Thursday, 28 June 2007
One hundred not out.
Owen Powell - 28th June 2007
I was sitting in the bar of the Soho Theatre when Nedda bowled up quite hungover. She hadn’t been home since the night before. “I would like a tomato juice, please,” she said. She was wearing sunflower earrings and the biggest pair of sunglasses I had seen that month. “You know when you dress up in your mother’s clothes?” she said. “I think they make me look a bit like that.” She lit a cigarette and took a long pull on the tomato juice.
It was Nedda’s sister who had first read about the project, and she sent her the link from where she now lives in Singapore. Nedda had followed her to London originally, where both had started working as au pairs. Both hated it, Nedda only lasting a month. “They were spoilt kids, annoying brats,” she says dismissively. This was three years ago, before Hungary joined the EU, so Nedda worked on an au pair visa – but also managed to get some other work in bars at the same time. “It was totally illegal,” she cheerfully admits, “but people could have checked. I was given proper pay checks, I had an emergency NI code ...” She takes a long drag. “No-one was bothered.”
Nedda is now combining proper bar work – she’s at the American Bistro in Mayfair, whose regular clients include Robert De Niro – with a three year course in Interior Design at the University of Arts, Chelsea. She says she’s a bit disappointed with the course, although she’s learnt a lot, and gets on well with the people she’s doing it with. “A few of us have formed a team,” she says. “We’re from Hungary, Sweden, the US and England, and we plan to stay together after the course finishes, and start working as designers.”
One of her current design projects, although not really connected to the course, is renovating her flat in Budapest. “It has exposed walls, pipes showing – it needs a bit of work, but I want to do it up and rent it out as a holiday home. It’s gone up in value five times in the last seven years since I inherited it from my grandmother.”
Nedda’s grandmother leads us on to a fascinating insight into Hungarian life. “When she was at school, she learnt German as it was the time of the Austro-Hungarian Empire. When my mother was at school she learnt Russian for eight years under Communism. When I was ten, in 1989, that all changed, and we were taught English. In fact, I went to a school run by nuns. Religion came back in a big wave after Communism stopped. These nuns were all 80 years old, and they’d been in exile in Argentina.” However, Nedda didn’t really get on with a religious education. “Whenever we did confession, the priests would tell the teachers everything we had said, it was so oppressive. I was thrown out when I was 14. I still feel religious now, but I don’t go to church any more.” Nedda checks her packet of cigarettes – it’s empty. “I need to go and get some more ...” she says. That’s ok, I say. I’ll get you another tomato juice.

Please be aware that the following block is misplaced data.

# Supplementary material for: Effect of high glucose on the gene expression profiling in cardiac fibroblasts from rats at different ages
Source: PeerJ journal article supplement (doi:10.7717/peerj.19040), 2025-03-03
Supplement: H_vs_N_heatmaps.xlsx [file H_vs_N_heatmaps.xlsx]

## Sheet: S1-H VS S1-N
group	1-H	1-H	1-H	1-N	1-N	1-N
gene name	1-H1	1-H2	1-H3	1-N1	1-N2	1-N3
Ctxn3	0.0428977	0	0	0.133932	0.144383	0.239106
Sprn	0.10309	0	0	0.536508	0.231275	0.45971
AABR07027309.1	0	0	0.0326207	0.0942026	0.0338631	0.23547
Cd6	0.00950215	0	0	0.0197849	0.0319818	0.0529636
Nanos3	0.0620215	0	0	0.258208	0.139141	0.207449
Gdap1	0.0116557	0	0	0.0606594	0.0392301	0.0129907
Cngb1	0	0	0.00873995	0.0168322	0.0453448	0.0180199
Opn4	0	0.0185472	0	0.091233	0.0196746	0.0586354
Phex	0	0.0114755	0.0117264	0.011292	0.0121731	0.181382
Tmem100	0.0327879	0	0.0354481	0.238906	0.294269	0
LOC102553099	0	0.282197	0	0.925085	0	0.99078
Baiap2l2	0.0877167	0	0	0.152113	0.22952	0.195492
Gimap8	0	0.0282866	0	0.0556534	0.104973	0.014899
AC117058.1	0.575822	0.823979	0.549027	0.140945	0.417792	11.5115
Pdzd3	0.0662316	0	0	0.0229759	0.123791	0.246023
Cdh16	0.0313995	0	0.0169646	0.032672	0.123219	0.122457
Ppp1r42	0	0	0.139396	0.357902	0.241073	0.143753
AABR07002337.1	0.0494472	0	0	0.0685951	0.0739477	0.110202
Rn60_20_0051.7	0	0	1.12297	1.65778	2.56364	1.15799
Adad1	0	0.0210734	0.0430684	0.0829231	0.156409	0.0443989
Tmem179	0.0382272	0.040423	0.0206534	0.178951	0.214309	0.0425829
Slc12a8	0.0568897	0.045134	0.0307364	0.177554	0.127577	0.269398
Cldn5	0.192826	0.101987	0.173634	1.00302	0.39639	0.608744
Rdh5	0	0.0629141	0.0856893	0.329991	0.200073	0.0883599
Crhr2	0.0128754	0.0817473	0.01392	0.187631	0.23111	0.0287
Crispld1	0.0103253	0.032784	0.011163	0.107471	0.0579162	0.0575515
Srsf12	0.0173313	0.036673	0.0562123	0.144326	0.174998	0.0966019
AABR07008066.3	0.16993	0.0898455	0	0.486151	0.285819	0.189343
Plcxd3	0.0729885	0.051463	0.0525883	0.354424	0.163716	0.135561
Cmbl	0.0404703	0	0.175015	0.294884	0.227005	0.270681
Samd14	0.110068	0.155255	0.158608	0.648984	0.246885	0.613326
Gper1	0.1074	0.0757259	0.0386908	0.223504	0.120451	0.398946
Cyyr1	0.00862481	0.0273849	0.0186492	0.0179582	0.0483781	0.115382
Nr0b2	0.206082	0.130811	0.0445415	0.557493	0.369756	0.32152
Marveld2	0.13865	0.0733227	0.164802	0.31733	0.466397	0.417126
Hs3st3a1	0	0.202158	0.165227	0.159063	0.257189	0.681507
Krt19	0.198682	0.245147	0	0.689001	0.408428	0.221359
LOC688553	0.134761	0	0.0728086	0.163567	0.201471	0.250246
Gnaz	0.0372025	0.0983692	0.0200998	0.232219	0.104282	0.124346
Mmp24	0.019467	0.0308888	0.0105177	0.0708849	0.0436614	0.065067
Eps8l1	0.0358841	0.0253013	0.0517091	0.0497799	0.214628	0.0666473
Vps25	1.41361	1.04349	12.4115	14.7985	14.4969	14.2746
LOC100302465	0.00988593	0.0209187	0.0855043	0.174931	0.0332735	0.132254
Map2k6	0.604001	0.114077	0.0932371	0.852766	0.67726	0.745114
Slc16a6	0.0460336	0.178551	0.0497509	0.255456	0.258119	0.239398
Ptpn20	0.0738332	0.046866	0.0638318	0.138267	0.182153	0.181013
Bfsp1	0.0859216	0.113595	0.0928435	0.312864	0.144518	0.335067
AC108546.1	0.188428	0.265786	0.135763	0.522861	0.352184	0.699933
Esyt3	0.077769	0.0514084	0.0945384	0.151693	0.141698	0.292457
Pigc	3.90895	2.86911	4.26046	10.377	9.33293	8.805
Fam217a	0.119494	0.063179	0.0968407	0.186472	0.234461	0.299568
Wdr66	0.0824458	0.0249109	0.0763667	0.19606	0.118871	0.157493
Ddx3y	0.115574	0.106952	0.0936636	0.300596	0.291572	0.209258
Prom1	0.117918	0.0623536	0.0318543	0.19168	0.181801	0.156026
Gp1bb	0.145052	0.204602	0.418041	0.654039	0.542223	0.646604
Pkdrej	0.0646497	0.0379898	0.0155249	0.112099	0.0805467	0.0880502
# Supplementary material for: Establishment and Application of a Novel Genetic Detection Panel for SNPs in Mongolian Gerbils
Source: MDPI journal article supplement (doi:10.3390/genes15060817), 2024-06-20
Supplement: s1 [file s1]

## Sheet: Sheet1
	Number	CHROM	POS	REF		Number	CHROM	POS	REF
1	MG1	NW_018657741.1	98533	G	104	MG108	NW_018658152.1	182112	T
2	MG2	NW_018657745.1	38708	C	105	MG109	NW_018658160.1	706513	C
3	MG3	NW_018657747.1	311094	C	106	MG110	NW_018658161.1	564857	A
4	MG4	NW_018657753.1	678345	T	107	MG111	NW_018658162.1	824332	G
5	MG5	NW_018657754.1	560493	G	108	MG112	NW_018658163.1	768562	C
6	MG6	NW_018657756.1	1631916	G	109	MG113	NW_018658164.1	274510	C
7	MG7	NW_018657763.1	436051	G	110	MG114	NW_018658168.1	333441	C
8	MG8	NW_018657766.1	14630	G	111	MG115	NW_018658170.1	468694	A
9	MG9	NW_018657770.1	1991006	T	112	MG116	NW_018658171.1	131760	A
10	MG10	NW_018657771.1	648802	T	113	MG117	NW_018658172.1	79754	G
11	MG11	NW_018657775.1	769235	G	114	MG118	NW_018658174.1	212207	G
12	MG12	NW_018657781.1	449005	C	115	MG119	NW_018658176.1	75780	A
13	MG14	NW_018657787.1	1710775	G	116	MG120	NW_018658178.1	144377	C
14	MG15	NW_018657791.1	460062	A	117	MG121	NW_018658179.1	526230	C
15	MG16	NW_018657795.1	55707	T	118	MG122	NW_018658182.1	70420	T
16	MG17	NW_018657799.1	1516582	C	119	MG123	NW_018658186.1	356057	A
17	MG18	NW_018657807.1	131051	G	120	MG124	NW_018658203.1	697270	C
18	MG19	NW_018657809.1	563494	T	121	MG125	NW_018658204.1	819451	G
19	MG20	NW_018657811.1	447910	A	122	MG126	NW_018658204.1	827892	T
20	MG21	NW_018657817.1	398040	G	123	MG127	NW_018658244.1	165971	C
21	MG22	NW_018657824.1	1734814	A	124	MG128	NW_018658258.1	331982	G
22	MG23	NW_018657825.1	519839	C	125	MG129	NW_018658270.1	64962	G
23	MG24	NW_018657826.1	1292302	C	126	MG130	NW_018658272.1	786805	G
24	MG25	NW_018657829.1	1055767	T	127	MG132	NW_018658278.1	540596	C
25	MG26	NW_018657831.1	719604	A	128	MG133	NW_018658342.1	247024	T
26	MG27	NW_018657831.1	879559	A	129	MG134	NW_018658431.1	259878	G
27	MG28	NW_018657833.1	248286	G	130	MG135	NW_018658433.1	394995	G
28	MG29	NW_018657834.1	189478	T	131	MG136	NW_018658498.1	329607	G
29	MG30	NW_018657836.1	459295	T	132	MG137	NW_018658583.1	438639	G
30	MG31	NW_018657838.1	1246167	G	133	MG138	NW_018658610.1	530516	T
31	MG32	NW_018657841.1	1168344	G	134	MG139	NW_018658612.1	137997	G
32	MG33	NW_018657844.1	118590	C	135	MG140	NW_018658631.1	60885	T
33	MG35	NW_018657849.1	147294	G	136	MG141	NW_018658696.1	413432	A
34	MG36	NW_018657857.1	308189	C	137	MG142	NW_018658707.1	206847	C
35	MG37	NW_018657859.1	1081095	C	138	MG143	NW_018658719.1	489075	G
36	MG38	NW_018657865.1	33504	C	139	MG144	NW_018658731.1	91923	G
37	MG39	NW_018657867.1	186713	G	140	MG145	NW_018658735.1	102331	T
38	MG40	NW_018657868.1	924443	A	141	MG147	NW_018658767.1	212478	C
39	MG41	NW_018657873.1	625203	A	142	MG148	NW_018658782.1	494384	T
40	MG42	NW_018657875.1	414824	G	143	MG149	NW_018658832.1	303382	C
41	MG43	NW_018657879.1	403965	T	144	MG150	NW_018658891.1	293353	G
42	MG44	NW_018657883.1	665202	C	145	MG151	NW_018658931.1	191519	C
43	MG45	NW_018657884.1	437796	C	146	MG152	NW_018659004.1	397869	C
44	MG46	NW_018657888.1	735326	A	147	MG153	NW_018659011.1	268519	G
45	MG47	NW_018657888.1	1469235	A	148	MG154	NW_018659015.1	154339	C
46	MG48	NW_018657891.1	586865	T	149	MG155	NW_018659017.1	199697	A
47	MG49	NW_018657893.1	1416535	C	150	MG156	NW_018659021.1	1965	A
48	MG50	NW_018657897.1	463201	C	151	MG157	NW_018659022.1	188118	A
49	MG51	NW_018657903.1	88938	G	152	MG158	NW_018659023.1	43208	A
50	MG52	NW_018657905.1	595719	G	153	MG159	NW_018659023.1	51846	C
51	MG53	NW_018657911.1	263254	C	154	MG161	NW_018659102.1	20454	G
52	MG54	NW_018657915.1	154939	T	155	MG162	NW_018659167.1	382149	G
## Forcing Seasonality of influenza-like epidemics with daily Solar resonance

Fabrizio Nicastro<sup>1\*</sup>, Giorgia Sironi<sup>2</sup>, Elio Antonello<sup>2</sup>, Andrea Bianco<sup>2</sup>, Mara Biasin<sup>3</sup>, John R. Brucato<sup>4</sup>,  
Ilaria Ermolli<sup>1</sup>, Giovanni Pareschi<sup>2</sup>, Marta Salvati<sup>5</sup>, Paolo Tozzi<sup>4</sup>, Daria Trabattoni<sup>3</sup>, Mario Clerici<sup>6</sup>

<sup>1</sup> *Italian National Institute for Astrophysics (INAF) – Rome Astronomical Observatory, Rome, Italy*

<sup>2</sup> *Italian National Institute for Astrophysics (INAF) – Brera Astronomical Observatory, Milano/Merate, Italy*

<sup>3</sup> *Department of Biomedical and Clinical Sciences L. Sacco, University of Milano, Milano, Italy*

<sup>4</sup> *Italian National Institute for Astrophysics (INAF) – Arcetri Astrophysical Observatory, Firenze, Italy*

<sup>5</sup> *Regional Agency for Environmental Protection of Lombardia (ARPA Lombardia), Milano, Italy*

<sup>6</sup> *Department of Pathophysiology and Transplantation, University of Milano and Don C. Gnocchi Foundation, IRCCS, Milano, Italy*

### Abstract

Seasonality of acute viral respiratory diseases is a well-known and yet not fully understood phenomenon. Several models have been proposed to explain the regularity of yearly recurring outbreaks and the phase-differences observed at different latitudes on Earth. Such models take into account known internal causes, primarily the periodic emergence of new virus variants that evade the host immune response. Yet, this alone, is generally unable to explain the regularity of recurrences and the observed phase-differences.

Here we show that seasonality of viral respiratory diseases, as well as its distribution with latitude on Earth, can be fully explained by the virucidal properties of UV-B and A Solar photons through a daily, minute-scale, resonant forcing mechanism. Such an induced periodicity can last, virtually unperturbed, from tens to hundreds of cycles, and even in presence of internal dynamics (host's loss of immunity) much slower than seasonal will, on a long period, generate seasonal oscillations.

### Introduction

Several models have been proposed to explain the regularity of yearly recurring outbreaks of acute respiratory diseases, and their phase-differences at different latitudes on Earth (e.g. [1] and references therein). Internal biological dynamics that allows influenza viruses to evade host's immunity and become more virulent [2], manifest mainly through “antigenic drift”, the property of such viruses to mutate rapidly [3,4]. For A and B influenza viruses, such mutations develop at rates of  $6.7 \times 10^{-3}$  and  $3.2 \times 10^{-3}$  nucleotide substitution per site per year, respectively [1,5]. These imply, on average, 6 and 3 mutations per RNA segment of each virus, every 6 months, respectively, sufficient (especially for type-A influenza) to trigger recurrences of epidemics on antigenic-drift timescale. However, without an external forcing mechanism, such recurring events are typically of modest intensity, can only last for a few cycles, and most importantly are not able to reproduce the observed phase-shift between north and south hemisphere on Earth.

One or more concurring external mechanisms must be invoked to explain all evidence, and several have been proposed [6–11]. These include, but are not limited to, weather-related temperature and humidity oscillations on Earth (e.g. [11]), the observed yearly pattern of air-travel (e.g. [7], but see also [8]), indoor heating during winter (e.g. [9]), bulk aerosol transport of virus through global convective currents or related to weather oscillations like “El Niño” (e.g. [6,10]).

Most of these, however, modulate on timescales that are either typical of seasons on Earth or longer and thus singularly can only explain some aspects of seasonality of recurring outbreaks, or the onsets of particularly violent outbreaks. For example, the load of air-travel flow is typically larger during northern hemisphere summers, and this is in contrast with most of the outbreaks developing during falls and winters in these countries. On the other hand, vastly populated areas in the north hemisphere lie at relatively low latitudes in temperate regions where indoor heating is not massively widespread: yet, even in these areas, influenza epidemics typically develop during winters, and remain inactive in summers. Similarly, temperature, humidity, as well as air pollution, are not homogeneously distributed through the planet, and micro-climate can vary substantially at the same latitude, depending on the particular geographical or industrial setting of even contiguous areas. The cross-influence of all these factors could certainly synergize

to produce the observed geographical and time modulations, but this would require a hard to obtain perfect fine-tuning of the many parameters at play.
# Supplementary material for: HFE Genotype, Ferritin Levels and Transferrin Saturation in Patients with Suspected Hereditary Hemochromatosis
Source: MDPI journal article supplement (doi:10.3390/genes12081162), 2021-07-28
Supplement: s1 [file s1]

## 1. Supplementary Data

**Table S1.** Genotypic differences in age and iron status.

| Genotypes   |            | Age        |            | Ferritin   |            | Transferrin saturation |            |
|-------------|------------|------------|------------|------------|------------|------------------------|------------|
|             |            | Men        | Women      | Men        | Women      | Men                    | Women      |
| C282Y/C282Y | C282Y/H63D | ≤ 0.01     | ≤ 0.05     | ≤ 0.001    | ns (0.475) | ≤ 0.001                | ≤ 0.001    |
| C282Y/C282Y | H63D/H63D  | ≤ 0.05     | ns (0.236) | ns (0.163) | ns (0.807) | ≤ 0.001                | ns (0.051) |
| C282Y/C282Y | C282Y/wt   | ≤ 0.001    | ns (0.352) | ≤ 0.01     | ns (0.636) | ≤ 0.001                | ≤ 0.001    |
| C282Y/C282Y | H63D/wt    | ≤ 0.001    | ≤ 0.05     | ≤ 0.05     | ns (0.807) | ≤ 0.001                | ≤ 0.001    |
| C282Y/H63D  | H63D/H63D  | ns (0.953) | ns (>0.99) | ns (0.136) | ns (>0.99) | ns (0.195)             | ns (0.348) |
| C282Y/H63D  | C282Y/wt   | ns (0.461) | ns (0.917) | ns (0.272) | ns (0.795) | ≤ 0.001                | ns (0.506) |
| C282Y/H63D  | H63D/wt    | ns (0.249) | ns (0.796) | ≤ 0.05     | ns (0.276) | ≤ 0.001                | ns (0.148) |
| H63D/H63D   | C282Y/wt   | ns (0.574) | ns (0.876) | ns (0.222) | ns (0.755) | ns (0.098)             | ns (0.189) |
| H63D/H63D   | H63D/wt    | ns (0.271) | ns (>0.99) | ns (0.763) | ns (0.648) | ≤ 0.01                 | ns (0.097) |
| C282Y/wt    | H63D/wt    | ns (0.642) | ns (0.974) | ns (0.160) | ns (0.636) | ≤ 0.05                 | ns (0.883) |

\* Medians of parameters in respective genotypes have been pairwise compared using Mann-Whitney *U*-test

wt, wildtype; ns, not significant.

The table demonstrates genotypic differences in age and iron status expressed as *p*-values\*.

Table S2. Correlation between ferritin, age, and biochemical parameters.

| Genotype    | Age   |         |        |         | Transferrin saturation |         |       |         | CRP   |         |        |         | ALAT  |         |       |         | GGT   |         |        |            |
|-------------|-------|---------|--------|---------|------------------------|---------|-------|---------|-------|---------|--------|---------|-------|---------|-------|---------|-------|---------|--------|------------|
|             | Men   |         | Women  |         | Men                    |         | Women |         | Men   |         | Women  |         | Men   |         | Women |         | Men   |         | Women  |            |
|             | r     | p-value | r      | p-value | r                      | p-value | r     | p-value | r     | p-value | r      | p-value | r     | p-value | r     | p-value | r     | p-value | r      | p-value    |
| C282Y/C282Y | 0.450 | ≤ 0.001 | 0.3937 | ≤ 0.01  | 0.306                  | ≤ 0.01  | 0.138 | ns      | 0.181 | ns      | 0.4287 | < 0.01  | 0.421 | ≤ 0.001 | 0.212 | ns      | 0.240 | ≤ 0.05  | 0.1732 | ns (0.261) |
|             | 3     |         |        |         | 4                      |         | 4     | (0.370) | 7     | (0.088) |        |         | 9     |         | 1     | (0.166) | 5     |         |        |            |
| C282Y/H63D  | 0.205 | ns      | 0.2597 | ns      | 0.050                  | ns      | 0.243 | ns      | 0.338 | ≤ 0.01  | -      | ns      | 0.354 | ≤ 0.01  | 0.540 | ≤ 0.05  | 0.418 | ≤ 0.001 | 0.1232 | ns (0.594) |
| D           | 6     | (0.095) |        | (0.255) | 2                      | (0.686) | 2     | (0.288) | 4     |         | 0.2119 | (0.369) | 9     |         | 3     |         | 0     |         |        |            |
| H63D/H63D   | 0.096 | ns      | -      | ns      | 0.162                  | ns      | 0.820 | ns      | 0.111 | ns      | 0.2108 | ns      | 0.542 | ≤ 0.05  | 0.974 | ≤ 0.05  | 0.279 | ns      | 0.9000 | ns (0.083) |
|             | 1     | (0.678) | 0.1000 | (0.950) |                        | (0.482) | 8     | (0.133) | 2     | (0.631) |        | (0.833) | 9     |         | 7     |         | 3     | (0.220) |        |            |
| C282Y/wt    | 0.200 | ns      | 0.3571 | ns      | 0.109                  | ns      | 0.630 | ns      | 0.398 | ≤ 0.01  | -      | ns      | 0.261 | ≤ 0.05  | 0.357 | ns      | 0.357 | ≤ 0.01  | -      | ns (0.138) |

When she gets back, Nedda reminisces about the end of Communism. “Daily life changed a lot. Pioneers, which is a Communist version of Scouts, finished. Suddenly, we went from state TV, where there was nothing at all on a Monday, to Sky, MTV, everything else. But really, it got worse. Before, everyone had good jobs, everyone had money. Then there was more competition, inflation, people lost their jobs. It’s not even what you’d call ‘Westernised’ now, for example, customer service does not exist in Hungary. We are popular with stag parties, though. I once saw a man on a plane complaining about losing his baggage. He was dressed as a beer bottle.”
After three years, Nedda feels at home here, but wouldn’t say yet that she’s a Londoner. “I would say that I am a Hungarian in London.” And are there many other Hungarians here, I ask. “Lots. Some of my friends have plans to work here, save money and buy a flat in Hungary. But they end up sitting in the house all night, buying stuff from Iceland and having a horrible time. It’s hard to save here, there’s too much to do.”
One thing Nedda finds great about London is the ease with which she can travel to the rest of the world. He shows me some photos from her recent trip to Thailand and Singapore (where she saw her sister). She feels much more cosmopolitan now. “One thing I don’t miss from Hungary is understanding all the conversations on the buses. Hungarian people are very negative. If you ask, ‘How are you?’ they will tell you all their problems.” We flick through some more photos. “In fact,” says Nedda, “when I am in Hungary, I miss London. I miss London food.”
Nedda’s going back to Hungary tomorrow, so will miss the start of the English smoking ban. I ask how she thinks she’ll cope when she returns. “Well,” she starts, “The bar where I work is perhaps not too well prepared. The owner smokes even in the non-smoking section, so who knows? They are talking about banning it in cars as well, which I don’t think will be a good idea. If you don’t let people have their cigarettes, they get more angry, and you don’t want more angry people on the roads.”
We head out onto Dean Street and say goodbye. A hundred people, I think. We’ve met a hundred people! How hard can it be to find another ninety-two?